Benton v. Hines

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Justia Opinion Summary

In 2009, Bridgette Hines was convicted of armed robbery and other crimes in connection with the robbery of a convenience store, and she was sentenced to imprisonment for 20 years. Her convictions were affirmed on appeal. Then, in 2017, Hines filed a petition for a writ of habeas corpus, alleging that she was denied the effective assistance of counsel on appeal. The habeas court agreed with Hines and set aside her convictions. The Warden appealed. The evidence presented at her trial shows that Hines, Geoffrey Jupiter, and Ricky Timmons were involved in the robbery. Hines and Jupiter were tried together, and Timmons testified against them. Timmons had agreed to testify for the prosecution as a part of a plea deal that allowed Timmons to plead guilty to simple robbery and avoid prosecution for the greater offense of armed robbery. Hines argued that her trial counsel failed to cross-examine Timmons about the fact that he faced a potential life sentence for armed robbery with no parole eligibility for 30 years, but for his deal in which the State agreed that he could plead guilty only to simple robbery and testify against Hines (and Jupiter). This failure to impeach Timmons, Hines argued, was the basis for a claim of ineffective assistance of trial counsel that her appellate counsel should have raised on direct appeal. Because her appellate counsel raised no such claim, she concluded she was denied the effective assistance of counsel on appeal. The Georgia Supreme Court concluded Hines has failed to show ineffective assistance of appellate counsel, "Even if Hines could have shown that her trial counsel acted deficiently in failing to impeach Timmons on this particular issue, she likely would not have been able to show prejudice." The Court reversed the habeas court's judgment granting relief.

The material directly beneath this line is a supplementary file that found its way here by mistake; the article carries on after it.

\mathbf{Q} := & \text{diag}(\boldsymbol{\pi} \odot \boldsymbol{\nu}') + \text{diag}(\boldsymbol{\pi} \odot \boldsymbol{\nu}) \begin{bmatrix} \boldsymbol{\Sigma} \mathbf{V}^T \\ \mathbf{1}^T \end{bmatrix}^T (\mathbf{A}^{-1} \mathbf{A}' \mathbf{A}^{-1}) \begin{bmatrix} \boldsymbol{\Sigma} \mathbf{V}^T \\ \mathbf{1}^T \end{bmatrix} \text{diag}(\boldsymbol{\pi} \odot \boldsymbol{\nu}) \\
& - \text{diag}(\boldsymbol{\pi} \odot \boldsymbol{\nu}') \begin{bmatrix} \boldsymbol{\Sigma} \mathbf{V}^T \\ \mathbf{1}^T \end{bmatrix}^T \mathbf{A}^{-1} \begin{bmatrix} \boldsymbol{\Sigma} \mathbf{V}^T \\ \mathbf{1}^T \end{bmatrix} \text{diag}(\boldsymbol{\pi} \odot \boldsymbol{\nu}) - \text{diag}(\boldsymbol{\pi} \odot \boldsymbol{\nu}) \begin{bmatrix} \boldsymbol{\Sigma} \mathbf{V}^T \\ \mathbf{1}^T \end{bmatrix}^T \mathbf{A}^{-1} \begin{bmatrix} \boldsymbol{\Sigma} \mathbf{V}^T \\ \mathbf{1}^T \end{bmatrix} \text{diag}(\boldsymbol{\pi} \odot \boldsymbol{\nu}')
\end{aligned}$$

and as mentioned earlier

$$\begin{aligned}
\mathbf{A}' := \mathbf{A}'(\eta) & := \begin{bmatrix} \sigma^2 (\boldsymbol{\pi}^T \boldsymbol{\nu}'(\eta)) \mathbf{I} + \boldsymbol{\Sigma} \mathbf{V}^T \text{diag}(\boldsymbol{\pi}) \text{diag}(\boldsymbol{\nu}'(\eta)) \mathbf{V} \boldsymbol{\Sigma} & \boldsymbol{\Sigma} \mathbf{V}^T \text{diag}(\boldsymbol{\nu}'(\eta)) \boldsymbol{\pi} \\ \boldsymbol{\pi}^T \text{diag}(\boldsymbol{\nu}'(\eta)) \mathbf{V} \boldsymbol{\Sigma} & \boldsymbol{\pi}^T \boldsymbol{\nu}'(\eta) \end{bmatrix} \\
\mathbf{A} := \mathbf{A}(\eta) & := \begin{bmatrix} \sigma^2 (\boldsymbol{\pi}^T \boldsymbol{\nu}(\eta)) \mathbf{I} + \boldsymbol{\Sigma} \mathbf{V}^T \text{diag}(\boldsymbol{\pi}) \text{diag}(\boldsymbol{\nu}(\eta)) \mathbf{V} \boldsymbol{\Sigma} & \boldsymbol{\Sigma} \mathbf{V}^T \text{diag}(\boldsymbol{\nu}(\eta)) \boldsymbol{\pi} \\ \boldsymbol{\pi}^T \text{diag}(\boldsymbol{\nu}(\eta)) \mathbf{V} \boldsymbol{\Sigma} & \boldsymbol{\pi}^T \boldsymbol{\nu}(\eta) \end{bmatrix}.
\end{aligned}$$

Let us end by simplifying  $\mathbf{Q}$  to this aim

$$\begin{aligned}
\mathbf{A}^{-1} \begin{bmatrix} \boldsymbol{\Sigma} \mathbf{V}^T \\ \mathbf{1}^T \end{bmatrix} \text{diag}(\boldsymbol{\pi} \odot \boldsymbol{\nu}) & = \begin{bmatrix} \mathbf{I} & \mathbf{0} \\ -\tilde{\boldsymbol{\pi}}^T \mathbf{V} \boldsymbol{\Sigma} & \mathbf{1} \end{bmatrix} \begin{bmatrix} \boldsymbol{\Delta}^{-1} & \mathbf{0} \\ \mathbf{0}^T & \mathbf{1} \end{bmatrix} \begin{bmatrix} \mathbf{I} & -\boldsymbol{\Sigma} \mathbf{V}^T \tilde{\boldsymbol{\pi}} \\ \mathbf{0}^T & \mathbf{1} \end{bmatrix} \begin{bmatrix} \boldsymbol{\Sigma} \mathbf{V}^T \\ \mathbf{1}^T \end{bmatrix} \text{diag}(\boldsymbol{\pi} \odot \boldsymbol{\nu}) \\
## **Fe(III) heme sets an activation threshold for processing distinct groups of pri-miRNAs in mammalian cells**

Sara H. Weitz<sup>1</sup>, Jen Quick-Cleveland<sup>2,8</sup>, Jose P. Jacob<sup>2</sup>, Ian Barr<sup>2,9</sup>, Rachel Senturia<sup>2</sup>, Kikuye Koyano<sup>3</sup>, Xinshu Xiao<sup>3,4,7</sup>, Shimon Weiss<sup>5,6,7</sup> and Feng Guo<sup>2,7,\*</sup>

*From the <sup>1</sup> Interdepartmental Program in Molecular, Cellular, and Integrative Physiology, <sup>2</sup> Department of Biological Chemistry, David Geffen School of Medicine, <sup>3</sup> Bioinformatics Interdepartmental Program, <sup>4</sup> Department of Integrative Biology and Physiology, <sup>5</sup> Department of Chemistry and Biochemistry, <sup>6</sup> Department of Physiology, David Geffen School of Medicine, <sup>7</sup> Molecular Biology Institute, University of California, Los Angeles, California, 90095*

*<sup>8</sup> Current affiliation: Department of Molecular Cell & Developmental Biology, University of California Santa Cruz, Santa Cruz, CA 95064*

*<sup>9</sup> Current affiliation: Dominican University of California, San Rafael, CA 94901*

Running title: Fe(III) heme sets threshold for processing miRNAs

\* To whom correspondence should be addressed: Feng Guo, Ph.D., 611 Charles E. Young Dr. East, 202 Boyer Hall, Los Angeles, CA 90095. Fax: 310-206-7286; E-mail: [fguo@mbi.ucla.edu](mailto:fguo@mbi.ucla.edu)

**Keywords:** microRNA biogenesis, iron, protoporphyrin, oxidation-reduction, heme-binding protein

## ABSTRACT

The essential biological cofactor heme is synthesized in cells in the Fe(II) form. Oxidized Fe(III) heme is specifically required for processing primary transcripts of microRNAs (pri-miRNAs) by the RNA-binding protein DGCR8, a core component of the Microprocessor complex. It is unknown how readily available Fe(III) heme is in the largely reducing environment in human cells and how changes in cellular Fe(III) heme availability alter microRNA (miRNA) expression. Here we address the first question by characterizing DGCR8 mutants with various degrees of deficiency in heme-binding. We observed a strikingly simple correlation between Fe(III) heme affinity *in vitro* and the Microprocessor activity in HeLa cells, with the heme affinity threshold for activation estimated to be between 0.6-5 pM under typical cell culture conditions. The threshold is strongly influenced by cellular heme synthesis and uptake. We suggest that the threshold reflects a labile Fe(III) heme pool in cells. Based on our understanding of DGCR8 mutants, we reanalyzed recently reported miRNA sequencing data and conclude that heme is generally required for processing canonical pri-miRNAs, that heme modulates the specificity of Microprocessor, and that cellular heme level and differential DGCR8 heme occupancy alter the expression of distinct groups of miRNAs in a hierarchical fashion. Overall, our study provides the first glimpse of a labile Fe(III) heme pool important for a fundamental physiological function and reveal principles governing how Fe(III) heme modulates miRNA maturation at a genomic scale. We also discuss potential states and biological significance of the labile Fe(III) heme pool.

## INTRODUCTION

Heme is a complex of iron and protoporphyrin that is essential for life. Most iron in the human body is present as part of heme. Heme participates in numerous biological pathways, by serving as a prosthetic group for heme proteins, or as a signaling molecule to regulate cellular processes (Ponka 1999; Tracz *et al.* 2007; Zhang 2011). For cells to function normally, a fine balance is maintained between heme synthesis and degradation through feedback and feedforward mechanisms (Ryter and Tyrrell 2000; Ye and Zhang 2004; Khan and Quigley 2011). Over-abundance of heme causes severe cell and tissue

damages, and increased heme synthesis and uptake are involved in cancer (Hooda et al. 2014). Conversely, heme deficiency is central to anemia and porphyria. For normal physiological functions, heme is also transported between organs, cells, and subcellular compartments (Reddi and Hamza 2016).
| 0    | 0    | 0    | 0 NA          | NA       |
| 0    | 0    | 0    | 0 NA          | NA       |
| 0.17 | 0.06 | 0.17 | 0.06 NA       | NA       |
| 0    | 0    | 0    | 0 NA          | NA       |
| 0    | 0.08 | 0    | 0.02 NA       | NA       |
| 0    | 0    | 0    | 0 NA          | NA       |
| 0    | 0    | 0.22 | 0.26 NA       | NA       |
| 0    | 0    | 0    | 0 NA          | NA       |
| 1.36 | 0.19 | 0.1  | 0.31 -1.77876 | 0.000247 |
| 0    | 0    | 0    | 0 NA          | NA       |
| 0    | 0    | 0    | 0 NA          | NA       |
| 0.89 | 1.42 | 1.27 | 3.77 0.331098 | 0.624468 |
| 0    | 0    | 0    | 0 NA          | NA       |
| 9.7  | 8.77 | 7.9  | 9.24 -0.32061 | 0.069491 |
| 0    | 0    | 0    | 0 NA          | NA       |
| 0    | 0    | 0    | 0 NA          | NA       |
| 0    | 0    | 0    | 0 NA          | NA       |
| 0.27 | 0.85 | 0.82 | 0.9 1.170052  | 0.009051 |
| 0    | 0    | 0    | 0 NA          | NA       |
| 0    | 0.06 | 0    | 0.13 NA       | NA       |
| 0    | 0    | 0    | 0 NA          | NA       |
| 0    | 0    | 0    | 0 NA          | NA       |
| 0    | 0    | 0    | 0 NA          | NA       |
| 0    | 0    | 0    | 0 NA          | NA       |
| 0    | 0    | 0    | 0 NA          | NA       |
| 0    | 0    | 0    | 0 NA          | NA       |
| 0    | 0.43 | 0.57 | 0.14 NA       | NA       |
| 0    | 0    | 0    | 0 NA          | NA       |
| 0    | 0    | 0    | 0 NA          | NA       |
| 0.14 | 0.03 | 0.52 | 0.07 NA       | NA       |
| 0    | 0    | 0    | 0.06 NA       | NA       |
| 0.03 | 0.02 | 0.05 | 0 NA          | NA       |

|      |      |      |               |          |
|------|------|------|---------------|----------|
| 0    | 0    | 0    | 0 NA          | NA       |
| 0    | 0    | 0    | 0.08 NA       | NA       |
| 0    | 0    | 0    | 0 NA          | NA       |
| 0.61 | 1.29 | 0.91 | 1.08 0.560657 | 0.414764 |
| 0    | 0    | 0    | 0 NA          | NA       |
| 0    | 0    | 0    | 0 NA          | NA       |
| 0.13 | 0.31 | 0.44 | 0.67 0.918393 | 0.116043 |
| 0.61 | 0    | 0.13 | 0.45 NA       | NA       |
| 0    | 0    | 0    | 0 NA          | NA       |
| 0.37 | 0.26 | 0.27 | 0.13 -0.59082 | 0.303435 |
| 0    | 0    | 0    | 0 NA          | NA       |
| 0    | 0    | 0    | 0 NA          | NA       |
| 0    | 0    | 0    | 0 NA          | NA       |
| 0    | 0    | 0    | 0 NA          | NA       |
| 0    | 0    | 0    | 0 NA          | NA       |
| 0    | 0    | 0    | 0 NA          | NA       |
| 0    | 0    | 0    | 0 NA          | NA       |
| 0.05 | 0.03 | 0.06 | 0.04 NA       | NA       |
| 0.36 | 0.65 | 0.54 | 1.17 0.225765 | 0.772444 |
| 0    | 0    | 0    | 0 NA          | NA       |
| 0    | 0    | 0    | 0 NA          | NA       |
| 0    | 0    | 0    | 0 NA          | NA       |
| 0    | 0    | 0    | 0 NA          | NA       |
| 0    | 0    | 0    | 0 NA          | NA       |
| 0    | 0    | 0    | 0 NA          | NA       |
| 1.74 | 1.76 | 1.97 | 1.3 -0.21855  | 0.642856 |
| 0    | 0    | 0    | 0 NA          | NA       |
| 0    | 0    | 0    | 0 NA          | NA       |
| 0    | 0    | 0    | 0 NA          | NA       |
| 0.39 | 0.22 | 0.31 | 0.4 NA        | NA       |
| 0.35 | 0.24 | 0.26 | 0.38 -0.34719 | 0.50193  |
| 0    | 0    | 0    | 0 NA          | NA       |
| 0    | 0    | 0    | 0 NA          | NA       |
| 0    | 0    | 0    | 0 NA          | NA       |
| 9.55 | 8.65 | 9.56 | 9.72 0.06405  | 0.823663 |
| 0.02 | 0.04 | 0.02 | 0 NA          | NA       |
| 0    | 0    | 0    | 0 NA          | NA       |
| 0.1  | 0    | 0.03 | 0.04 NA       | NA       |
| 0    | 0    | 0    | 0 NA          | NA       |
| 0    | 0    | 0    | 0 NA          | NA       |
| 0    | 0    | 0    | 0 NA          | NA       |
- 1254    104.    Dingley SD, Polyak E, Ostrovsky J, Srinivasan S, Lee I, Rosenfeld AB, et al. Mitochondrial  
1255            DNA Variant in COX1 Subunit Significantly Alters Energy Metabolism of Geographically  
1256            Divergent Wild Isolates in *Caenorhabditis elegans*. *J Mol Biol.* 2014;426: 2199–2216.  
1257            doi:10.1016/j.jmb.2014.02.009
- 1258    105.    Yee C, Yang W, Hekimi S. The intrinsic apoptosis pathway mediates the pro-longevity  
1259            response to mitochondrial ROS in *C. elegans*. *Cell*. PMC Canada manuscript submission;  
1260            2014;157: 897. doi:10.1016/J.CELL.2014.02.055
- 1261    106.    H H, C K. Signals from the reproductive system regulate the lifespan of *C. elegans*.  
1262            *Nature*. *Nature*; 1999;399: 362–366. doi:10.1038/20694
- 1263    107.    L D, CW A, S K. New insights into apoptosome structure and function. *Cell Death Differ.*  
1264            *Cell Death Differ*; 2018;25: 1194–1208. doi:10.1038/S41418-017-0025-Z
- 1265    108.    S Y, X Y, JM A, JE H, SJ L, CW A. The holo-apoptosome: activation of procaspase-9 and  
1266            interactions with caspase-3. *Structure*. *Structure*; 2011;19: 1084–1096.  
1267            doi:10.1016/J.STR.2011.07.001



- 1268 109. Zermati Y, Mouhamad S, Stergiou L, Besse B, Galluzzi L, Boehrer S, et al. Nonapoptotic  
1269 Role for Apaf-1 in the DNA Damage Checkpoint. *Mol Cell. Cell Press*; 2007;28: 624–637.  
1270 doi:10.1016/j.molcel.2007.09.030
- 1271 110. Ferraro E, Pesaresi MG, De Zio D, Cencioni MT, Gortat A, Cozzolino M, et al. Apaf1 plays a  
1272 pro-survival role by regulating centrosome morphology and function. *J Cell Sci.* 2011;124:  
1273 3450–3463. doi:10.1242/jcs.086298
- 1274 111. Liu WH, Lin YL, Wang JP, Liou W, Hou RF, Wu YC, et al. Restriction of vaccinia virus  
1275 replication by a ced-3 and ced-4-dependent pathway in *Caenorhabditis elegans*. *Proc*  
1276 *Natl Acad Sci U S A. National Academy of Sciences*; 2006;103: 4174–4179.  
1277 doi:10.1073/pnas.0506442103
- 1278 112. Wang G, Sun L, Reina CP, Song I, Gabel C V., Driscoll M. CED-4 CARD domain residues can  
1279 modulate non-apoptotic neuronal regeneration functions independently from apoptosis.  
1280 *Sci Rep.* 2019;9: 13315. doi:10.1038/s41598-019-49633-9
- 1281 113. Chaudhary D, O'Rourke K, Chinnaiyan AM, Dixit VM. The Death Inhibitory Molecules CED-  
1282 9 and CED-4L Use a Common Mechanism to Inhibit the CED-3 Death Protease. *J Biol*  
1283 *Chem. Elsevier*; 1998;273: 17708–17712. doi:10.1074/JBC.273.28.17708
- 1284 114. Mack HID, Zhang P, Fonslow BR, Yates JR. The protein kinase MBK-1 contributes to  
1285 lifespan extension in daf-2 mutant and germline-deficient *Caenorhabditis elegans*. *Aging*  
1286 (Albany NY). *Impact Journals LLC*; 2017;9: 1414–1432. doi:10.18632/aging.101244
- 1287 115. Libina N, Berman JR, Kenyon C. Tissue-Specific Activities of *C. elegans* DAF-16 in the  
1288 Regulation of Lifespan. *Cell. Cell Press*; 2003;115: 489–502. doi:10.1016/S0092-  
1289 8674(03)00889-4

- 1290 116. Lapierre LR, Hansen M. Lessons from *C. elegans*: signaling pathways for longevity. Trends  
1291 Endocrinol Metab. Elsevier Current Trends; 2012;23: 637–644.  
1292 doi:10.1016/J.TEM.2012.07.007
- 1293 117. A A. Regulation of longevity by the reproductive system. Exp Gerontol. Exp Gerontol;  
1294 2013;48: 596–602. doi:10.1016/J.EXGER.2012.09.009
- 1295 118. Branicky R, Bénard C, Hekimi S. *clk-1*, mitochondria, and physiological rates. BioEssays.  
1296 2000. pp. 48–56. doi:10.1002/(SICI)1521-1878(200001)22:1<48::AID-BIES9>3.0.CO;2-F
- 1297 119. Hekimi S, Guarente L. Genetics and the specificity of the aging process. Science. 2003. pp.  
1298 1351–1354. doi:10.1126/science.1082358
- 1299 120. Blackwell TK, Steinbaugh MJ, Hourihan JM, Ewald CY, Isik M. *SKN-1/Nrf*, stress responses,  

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In the Supreme Court of Georgia Decided: September 3, 2019 S19A0927. BENTON v. HINES. BLACKWELL, Justice. In 2009, Bridgette Hines was convicted of armed robbery and other crimes in connection with the robbery of a convenience store, and she was sentenced to imprisonment for 20 years. Her convictions were affirmed on appeal. See Hines v. State, 320 Ga. App. 854 (740 SE2d 786) (2013). Then, in 2017, Hines filed a petition for a writ of habeas corpus, alleging that she was denied the effective assistance of counsel on appeal. The habeas court agreed with Hines and set aside her convictions. The Warden appeals, and we reverse. 1. The evidence presented at her trial shows that Hines, Geoffrey Jupiter, and Ricky Timmons were involved in the robbery. Hines and Jupiter were tried together, and Timmons testified against them. Timmons had agreed to testify for the prosecution as a part of a plea deal that allowed Timmons to plead guilty to simple robbery and avoid prosecution for the greater offense of armed robbery. At trial, Timmons testified that, late on the evening of January 1, 2009, Hines, her son (who was then 12 years of age), and Jupiter picked him up from his house. Hines then drove the group to Lucky’s convenience store near Jonesboro. Hines and her son went into the store while the others waited in the car. Hines and her son then returned to her car, and Hines drove the group to a nearby residential area. There, Hines stopped and asked her son to remove the car’s license plate. At some point, Hines gave Timmons a gun. Hines then drove the group back to Lucky’s and parked on the far side of the lot, away from the store. Timmons and Jupiter went inside the store, both wearing masks and carrying guns. Timmons told the clerk to “freeze” while Jupiter grabbed cash from behind the counter. Both men then ran out, they got back into the car, and Hines drove them away from the scene. Shortly afterwards, they were stopped by law enforcement officers, at which point Timmons 2 and Jupiter jumped out of the car and ran away. Timmons was caught almost immediately, but Jupiter escaped and was apprehended later. Shortly after his arrest, Timmons gave a written statement to investigators that was largely consistent with his trial testimony. To corroborate Timmons’s version of events, the State relied primarily on the testimony of two law enforcement officers, each of whom happened to be in the area at the time of the robbery. Each officer testified, based on his observations, that two men ran across Lucky’s parking lot and jumped into a car parked at the edge of the lot, that the car then took off at a “high rate of speed” with its lights off, and that there was no tag on the vehicle. The officers followed and stopped the car, at which point two men jumped out and ran. One of the officers gave chase and arrested Timmons, while the other detained Hines (who was driving the car) and her son. A 9 millimeter pistol was found under the driver’s seat, near where Hines’s son was seated. The officers also found a BB gun outside the vehicle, near the front passenger door. Cigars and cash were “all 3 over” the front passenger seat. Hines’s son had hundreds of dollars in cash stuffed into the sleeve of his jacket. After the prosecution rested, Hines testified in her own defense. She explained that, earlier on the day in question, her son saw that the license plate on her car “was hanging by one screw,” and so he removed it and placed it next to the back window. She said that she drove to Lucky’s with Jupiter and Timmons because the store had a slot machine that she wanted to play for money, and Jupiter had told her that he knew “the people” at Lucky’s who would let her play for money. Hines further testified that, when they arrived at Lucky’s, she and her son went inside the store, but the clerk refused to let her play. As Hines got back in the car and began to drive away, Timmons said he wanted to get some cigarillos, and so she turned around in a nearby parking lot and drove back to Lucky’s. Jupiter and Timmons got out of the car and went inside the store. Hines testified that they were inside just long enough to make a purchase when she saw them running from the store. She did not see them wearing anything unusual or carrying any weapons. She 4 pulled out of the parking lot and into the street, and only then remembered to turn on her headlights. Hines denied knowing about the robbery before her car was stopped by the officers. Hines’s testimony, however, was inconsistent with a statement she previously had given to investigators. In that statement, she indicated that Jupiter offered to pay her for “a ride,” that the license plate was removed after the initial visit to Lucky’s, and that she saw “the gun” before Jupiter and Timmons went inside the store. After she was convicted and sentenced, Hines obtained new counsel to represent her in post-conviction proceedings. Hines’s motion for new trial was denied, and her attorney sought review in the Court of Appeals, raising 16 claims of error, including several claims of ineffective assistance of trial counsel. The Court of Appeals affirmed, rejecting all these claims of error. See Hines, 320 Ga. App. 854. On August 31, 2017, Hines filed a habeas petition in Habersham County, initially asserting four claims of ineffective assistance of appellate counsel. She later withdrew all of her claims 5 except one—that her appellate lawyer rendered ineffective assistance when he failed to raise the issue of trial counsel’s ineffectiveness as to the impeachment of Timmons. About her sole remaining claim, Hines argued that her trial counsel failed to crossexamine Timmons about the fact that he faced a potential life sentence for armed robbery with no parole eligibility for 30 years, but for his deal in which the State agreed that he could plead guilty only to simple robbery and testify against Hines (and Jupiter). 1 This failure to impeach Timmons, Hines argued, was the basis for a claim of ineffective assistance of trial counsel that her appellate counsel should have raised on direct appeal. Because her appellate counsel raised no such claim, she was denied the effective assistance of counsel on appeal, she concluded. Following a hearing, the habeas See OCGA § 16-8-41 (b) (“A person convicted of the offense of armed robbery shall be punished by . . . imprisonment for life or by imprisonment for not less than ten nor more than 20 years.”). See also OCGA § 17-10-6.1 (c) (1) (“[F]or a first conviction of a serious violent felony [including armed robbery] in which the accused has been sentenced to life imprisonment, that person shall not be eligible for any form of parole or early release . . . until that person has served a minimum of 30 years in prison.”). Compare OCGA § 16-8-40 (b) (“A person convicted of the offense of robbery shall be punished by imprisonment for not less than one nor more than 20 years.”). 1 6 court concluded that Hines was entitled to relief on this claim and issued the writ. 2. To obtain habeas relief based on the denial of the effective assistance of appellate counsel, a petitioner must establish that her “appellate counsel was deficient in failing to raise an issue on appeal and that, if counsel had raised that issue, there is a reasonable probability that the outcome of the appeal would have been different.” Trim v. Shepard, 300 Ga. 176, 177 (794 SE2d 114) (2016) (citation and punctuation omitted). In analyzing an appellate attorney’s performance, “the question is not whether [the] attorney’s decision not to raise a particular issue was correct or wise, but rather, whether his decision was an unreasonable one which only an incompetent attorney would adopt.” Id. (Citation and punctuation omitted.) A lawyer’s failure to raise a claim on appeal might be unreasonable if that claim had “clear and strong merit under the law as it existed at the time of the appeal,” Martin v. McLaughlin, 298 Ga. 44, 45 (779 SE2d 294) (2015), but if the claim had “doubtful merit . . . it generally cannot be said that every competent lawyer 7 would have asserted it, and so, the failure to assert the claim ordinarily would not amount to deficient performance,” Trim, 300 Ga. at 178. See also Hooks v. Walley, 299 Ga. 589, 591 (791 SE2d 88) (2016) (appellate counsel “does not have a duty to advance every nonfrivolous argument that could be made” (citation and punctuation omitted)). Hines has failed to show ineffective assistance of appellate counsel. As mentioned above, the underlying claim in this case (the claim that Hines believes her appellate lawyer should have raised) is that trial counsel rendered ineffective assistance in failing to cross-examine Timmons about the maximum time he would be facing if he had not made a plea deal and instead was convicted of armed robbery. The merit of this claim, however, is doubtful at best. Even if Hines could have shown that her trial counsel acted deficiently in failing to impeach Timmons on this particular issue, she likely would not have been able to show prejudice. 2 The standard for showing trial counsel’s ineffectiveness is essentially the same as for appellate counsel—the defendant generally must prove that 2 8 The trial transcript shows that Timmons was cross-examined extensively about his plea deal by Hines’s and Jupiter’s attorneys. The jury learned from this cross-examination that, by making a plea deal, Timmons was avoiding a ten-year mandatory minimum sentence “with no chance of parole.” 3 The jury also learned that, regardless of the sentence Timmons now would receive as a result of his guilty plea, he would be eligible for parole immediately.4 So the jury knew that Timmons received a significant benefit in exchange for pleading guilty and testifying for the State. We cannot say that the marginal value of additional impeachment based on Timmons’s trial counsel’s performance was deficient and that this deficiency prejudiced the defense. See Strickland v. Washington, 466 U.S. 668, 687 (III) (104 SCt 2052, 80 LE2d 674) (1984); Eagle v. Linahan, 279 F3d 926, 938 (III) (11th Cir. 2001) (“The same standard applies whether we are examining the performance of counsel at the trial or appellate level.”). To show prejudice, a defendant must “demonstrate the reasonable probability that, absent the claimed professional errors by counsel, the result of his trial would have been different.” Roberts v. State, 296 Ga. 719, 724 (2) (770 SE2d 589) (2015). See OCGA § 17-10-6.1 (b) (1), (c) (4) (a person convicted of armed robbery “shall be sentenced to a mandatory minimum term of imprisonment of ten years,” and this sentence “shall not be reduced by any form of parole or early release”). 3 We express no opinion as to the accuracy of Timmons’s (or the defense attorneys’) representations to the jury about his potential sentence. 4 9 potential maximum sentence (which the jury had no reason to believe he would actually receive) would have made a difference in the jury’s assessment of his credibility, especially since his testimony was corroborated by other evidence, including the testimony of two police officers and Hines’s own incriminating statement. See McCoy v. State, 303 Ga. 141, 143 (2) (810 SE2d 487) (2018) (trial counsel’s failure to impeach witness with particular information did not result in prejudice where such information had “only marginal impeachment value” and the evidence of guilt was strong). See also Sims v. State, 280 Ga. 606, 608 (3) (631 SE2d 656) (2006). Given the foregoing, Hines’s appellate lawyer reasonably could believe that raising a claim of trial counsel’s ineffectiveness on the issue of Timmons’s impeachment would not have succeeded on appeal, and so Hines has not shown that her appellate lawyer was deficient in failing to raise this claim. See Hooks, 299 Ga. at 594 (habeas petitioner failed to show that appellate counsel performed deficiently in failing to raise a claim of trial counsel’s ineffectiveness, 10 even if that underlying claim was potentially meritorious). See also Arrington v. Collins, 290 Ga. 603, 606 (1) (724 SE2d 372) (2012). Accordingly, the habeas court erred when it granted the writ of habeas corpus to Hines. Judgment reversed. All the Justices concur. 11